Automated theorem proving: mapping logic into AI
 Proceedings of the International Symposium on Methodologies for Intelligent Systems
, 1986
"... ABSTRACT. Logic can be defined as the formal study of reasoning; if we replace "formal " by "mechanical " we can place almost the entire set of methodologies used in the field of automated theorem proving (ATP) within the scope of logic. Because of the goals of A ..."
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ABSTRACT. Logic can be defined as the formal study of reasoning; if we replace &quot;formal &quot; by &quot;mechanical &quot; we can place almost the entire set of methodologies used in the field of automated theorem proving (ATP) within the scope of logic. Because of the goals of ATP, if not always the methodologies, ATP has been considered to be within the domain of AI. We explore the methodologies of ATP, including the logics that underlie the theorem provers, and discuss some of the mechanisms that utilize these logics. These include term rewriting systems, mathematical induction, inductionless induction and even mixed integer programming. The ATP field, via resolution, has even provided the foundation for an exciting AI and database programming language, PROLOG. We conclude with a new method for extending the PROLOG system to work with nonHorn clause sets within a positive logic format, particularly simple for &quot;slightly nonHorn &quot; clause sets.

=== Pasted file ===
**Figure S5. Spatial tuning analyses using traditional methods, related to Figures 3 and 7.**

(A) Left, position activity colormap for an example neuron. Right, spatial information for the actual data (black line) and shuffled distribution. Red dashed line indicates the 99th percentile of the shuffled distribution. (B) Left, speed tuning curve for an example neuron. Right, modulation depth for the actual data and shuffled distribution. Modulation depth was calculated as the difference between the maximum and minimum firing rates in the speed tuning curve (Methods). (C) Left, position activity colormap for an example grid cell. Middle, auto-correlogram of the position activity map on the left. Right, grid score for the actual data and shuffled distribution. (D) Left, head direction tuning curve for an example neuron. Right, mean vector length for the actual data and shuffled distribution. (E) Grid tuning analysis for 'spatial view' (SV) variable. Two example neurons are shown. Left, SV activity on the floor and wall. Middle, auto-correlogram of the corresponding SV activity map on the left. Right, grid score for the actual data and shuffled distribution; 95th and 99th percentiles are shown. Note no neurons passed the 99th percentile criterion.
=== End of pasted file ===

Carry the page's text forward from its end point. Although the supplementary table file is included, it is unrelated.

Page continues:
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"... Abstract. This paper surveys the field of automated reasoning, giving some historical background and outlining a few of the main current research themes. We particularly emphasize the points of contact and the contrasts with computer algebra. We finish with a discussion of the main applications so ..."
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Abstract. This paper surveys the field of automated reasoning, giving some historical background and outlining a few of the main current research themes. We particularly emphasize the points of contact and the contrasts with computer algebra. We finish with a discussion of the main applications so far. 1 Historical introduction The idea of reducing reasoning to mechanical calculation is an old dream [75]. Hobbes[55] made explicit the analogy in the slogan `Reason [...] is nothing but Reckoning'. This parallel was developed by Leibniz, who envisaged a `characteristica universalis'(universal language) and a `calculus ratiocinator ' (calculus of reasoning). His idea was that disputes of all kinds, not merely mathematical ones, could be settled if the partiestranslated their dispute into the characteristica and then simply calculated. Leibniz even made some steps towards realizing this lofty goal, but his work was largely forgotten.